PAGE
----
Plants interact with their environment by sensing elicitor molecules produced by infecting fungi, bacteria and viruses. These bind to special receptors in the plant membrane and trigger defence responses such as production of plant proteins with antifungal and antimicrobial properties. The seaweed storage carbohydrate laminarin has been shown to trigger the same response and has been used as the basis for a protectant systemic spray (Scyon) to improve disease resistance in many crops.
How it works
Crops exposed to laminarin, found in seaweed, produce a disease signalling pathway in the plant. These signals lead to expression of proteins with antifungal properties, and also defence enzymes which produce compounds which have antimicrobial properties. Products such as Scyon are claimed to activate both pathways but are protectant only. The target application period is early season as a protectant spray when used in mixtures with conventional chemistry. Laminarin products are systemic and non-toxic.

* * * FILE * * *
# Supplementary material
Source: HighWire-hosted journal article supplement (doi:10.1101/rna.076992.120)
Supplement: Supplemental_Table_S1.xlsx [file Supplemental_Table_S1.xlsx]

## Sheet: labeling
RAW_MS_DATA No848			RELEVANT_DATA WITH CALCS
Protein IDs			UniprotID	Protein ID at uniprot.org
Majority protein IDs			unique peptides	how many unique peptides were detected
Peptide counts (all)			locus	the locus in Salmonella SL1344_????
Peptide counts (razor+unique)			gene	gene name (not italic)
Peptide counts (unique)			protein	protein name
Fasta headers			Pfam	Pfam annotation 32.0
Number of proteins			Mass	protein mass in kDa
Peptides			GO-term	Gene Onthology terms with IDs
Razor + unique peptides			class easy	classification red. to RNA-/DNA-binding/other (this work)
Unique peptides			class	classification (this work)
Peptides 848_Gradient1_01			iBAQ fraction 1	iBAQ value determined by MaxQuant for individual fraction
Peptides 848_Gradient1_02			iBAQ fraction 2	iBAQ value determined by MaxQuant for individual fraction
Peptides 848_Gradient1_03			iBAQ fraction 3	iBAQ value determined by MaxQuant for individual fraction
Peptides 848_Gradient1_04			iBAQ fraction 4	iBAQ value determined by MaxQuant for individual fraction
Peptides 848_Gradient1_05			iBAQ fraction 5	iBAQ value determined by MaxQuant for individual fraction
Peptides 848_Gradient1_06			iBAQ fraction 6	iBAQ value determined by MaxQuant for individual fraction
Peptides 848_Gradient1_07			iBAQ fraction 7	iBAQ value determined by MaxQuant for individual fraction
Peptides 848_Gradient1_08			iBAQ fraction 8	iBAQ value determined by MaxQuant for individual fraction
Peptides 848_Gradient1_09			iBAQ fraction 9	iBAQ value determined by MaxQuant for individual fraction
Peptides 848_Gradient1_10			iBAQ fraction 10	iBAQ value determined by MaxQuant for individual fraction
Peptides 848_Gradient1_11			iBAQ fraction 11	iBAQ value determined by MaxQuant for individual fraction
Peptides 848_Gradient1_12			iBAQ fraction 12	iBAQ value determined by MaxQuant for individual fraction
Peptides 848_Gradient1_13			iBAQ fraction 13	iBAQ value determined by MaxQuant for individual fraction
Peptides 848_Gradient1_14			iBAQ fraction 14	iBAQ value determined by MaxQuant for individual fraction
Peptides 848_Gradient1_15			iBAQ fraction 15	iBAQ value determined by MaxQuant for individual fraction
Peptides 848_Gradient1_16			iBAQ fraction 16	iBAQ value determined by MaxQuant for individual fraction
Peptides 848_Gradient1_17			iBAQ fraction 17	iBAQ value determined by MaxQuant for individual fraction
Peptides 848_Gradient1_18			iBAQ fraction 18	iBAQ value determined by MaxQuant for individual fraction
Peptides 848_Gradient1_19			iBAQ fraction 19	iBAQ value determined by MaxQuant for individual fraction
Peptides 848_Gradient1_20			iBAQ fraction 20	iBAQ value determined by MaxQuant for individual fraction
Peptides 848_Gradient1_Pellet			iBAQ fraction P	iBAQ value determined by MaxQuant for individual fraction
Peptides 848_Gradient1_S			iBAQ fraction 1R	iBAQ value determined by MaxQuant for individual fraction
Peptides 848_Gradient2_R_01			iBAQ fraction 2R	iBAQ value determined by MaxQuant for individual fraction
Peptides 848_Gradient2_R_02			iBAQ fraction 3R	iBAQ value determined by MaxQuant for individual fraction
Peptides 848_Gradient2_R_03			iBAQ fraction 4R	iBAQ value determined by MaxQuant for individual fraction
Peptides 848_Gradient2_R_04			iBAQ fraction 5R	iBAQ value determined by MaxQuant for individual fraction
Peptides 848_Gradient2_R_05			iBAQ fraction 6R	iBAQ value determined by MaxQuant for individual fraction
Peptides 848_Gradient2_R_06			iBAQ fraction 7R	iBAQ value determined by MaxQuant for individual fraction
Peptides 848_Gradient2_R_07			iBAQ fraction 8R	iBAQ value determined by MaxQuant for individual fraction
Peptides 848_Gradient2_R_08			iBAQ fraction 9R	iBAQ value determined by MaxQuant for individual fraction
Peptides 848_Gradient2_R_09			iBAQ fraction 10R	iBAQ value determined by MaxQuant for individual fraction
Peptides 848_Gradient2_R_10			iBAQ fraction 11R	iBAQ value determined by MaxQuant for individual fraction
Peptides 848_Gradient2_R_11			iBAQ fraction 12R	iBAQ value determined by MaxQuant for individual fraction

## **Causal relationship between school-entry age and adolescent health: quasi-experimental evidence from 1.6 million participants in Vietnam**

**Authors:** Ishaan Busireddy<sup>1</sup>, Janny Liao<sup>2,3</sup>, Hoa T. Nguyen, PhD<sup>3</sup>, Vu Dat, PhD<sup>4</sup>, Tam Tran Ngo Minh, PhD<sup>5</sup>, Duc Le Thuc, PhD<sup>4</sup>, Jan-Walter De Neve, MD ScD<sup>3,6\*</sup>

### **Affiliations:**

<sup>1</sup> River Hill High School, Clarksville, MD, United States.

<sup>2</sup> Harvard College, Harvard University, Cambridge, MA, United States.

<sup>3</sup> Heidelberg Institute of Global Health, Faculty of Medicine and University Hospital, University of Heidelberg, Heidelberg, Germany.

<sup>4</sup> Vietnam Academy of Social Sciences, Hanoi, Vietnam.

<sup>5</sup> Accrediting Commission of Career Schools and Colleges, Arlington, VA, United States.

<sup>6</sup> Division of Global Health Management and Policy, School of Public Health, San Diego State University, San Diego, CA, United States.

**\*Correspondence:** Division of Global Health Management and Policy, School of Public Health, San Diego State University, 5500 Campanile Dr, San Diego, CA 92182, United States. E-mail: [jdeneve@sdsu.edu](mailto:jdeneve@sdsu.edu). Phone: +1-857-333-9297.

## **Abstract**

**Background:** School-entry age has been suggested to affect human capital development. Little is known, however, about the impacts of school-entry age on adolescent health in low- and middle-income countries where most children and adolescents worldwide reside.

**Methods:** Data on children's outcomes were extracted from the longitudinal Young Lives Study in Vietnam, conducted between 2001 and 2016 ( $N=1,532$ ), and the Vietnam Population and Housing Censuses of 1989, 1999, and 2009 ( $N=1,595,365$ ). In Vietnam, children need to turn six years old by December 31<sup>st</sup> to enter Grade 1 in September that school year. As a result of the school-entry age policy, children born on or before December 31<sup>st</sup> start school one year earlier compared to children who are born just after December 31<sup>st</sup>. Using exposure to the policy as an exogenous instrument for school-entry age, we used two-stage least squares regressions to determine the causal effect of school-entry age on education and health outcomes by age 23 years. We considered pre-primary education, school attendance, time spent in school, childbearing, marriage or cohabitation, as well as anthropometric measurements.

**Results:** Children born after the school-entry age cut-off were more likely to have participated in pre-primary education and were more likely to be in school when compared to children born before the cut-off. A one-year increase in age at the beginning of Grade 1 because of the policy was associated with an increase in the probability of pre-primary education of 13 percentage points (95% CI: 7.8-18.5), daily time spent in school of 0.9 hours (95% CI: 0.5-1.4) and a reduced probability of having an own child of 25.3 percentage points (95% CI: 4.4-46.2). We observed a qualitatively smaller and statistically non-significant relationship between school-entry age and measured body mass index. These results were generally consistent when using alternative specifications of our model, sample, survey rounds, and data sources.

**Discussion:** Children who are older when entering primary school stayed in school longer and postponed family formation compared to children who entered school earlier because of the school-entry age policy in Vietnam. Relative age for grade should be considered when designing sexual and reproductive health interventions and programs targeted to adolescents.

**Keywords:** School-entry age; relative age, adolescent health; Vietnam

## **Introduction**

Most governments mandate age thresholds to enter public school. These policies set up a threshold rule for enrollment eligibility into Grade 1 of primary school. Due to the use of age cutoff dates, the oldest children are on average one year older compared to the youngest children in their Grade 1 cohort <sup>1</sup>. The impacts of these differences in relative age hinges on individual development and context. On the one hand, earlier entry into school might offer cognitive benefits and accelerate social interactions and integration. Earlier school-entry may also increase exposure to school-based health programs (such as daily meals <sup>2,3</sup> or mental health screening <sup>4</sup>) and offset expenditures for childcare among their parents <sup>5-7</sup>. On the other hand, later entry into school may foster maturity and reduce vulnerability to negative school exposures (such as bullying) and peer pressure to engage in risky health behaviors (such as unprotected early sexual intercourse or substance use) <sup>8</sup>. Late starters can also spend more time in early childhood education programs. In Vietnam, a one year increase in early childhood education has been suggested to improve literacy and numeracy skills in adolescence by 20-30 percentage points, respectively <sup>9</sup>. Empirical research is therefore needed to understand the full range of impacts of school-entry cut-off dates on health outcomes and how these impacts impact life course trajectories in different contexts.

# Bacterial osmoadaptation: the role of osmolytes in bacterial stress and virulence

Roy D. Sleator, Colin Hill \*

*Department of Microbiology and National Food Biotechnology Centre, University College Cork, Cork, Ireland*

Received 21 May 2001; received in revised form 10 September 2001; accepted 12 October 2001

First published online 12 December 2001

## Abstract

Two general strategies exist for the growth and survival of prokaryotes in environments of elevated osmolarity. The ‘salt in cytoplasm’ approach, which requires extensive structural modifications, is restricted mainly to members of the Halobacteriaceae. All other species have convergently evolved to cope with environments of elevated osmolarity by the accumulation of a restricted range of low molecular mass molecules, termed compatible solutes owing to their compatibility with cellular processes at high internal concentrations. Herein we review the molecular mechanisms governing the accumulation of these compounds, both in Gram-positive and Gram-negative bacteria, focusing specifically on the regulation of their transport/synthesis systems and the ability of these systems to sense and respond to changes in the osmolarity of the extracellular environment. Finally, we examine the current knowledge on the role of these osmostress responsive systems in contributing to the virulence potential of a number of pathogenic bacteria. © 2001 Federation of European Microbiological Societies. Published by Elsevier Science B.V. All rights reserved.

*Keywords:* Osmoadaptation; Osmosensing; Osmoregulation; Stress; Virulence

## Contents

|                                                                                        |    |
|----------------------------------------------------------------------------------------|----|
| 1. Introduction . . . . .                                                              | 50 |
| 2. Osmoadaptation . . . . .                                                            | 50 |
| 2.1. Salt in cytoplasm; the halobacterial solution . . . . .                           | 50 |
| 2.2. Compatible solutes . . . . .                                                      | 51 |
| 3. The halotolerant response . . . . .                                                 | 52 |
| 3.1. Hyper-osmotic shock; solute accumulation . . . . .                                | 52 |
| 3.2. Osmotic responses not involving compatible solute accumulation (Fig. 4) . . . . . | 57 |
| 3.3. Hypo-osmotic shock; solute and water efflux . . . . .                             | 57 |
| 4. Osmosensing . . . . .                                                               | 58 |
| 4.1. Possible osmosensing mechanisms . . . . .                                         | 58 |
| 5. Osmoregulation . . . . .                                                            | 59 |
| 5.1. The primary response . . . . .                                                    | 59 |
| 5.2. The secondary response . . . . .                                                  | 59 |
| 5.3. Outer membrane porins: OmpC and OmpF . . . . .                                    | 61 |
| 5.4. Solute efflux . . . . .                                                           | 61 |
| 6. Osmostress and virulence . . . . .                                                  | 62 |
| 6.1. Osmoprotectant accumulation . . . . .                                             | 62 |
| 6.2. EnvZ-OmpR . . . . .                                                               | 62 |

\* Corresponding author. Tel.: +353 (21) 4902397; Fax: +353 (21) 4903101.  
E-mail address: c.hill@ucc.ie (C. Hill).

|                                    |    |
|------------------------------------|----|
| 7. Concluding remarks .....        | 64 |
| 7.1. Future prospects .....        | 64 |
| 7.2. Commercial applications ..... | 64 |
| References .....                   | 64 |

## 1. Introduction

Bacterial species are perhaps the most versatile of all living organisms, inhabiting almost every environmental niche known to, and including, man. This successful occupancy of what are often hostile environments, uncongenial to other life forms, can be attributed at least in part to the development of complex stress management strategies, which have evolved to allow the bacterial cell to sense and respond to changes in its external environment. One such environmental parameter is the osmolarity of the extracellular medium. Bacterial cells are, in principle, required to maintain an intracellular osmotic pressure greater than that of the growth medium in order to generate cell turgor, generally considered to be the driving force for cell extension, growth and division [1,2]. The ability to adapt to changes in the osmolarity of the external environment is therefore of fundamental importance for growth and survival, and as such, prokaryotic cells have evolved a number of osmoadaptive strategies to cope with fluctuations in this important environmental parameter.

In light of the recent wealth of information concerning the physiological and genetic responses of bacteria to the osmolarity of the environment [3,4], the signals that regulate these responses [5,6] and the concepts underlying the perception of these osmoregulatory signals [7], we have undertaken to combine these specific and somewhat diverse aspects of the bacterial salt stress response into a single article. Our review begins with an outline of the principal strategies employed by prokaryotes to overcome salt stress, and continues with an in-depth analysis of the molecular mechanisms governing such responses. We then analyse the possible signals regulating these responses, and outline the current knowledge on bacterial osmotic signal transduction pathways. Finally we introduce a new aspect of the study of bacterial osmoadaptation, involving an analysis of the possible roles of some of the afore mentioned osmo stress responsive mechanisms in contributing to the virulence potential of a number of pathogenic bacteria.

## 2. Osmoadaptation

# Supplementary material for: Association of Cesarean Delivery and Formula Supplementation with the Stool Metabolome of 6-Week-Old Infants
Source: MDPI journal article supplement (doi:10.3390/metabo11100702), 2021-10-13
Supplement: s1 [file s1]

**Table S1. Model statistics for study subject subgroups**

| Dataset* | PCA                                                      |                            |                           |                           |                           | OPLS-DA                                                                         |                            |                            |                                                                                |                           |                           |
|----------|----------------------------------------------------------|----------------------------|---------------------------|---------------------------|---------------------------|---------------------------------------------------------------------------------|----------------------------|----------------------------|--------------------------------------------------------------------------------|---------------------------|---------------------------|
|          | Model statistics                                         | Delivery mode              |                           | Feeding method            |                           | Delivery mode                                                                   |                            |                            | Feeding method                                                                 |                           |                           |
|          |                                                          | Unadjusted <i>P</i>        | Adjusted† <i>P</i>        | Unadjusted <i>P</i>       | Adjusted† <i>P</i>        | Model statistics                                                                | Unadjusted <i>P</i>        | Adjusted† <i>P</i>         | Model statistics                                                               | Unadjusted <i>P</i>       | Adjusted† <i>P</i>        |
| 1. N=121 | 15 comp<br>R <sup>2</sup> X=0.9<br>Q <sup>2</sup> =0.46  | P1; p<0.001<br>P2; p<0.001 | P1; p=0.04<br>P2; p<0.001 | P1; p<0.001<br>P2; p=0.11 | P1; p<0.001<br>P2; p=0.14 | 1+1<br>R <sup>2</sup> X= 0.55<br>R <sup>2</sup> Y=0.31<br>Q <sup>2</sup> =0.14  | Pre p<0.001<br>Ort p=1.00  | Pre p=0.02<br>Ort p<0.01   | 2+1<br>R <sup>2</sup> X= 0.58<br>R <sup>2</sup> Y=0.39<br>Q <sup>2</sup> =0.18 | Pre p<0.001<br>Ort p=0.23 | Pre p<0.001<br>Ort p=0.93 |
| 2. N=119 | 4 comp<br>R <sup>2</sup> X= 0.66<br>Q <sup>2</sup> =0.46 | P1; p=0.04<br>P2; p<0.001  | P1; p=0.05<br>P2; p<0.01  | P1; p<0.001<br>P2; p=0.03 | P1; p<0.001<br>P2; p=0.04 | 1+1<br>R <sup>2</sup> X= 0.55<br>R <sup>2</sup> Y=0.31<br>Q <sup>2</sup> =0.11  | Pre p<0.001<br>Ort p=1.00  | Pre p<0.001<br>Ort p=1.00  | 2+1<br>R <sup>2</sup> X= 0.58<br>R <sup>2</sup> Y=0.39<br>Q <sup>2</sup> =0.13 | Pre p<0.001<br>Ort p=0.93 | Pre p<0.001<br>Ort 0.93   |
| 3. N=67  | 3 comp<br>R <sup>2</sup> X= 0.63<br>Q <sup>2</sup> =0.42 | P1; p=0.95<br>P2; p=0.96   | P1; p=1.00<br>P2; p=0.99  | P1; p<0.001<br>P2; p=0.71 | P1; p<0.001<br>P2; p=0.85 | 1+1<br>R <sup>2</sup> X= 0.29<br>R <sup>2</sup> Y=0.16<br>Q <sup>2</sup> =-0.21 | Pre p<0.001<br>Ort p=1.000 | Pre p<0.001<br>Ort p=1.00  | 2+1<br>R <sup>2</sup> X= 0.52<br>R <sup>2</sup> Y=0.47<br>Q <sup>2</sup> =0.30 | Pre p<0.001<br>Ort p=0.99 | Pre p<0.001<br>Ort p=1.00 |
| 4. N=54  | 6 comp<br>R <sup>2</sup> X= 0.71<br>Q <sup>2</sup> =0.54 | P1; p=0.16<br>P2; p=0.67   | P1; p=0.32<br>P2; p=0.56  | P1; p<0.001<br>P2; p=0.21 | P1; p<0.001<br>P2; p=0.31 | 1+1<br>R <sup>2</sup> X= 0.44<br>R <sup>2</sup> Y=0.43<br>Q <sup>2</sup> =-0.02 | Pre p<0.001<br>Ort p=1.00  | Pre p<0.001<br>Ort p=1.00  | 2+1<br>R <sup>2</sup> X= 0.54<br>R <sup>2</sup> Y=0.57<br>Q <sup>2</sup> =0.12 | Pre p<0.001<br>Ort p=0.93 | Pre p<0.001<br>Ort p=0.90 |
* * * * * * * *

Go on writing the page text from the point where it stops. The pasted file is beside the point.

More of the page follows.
Farmer / Agronomist benefits
Although yet unproven, biopesticides such as Scyon used as a protectant and applied mixtures may play a helpful role in reducing fungal resistance risk to conventional chemistry providing they work in an aligned time period. Used on their own, biopesticides have the advantage of being inherently less toxic to humans and the environment, they don’t leave harmful residues, and are usually more specific to target pests.
University of Santiago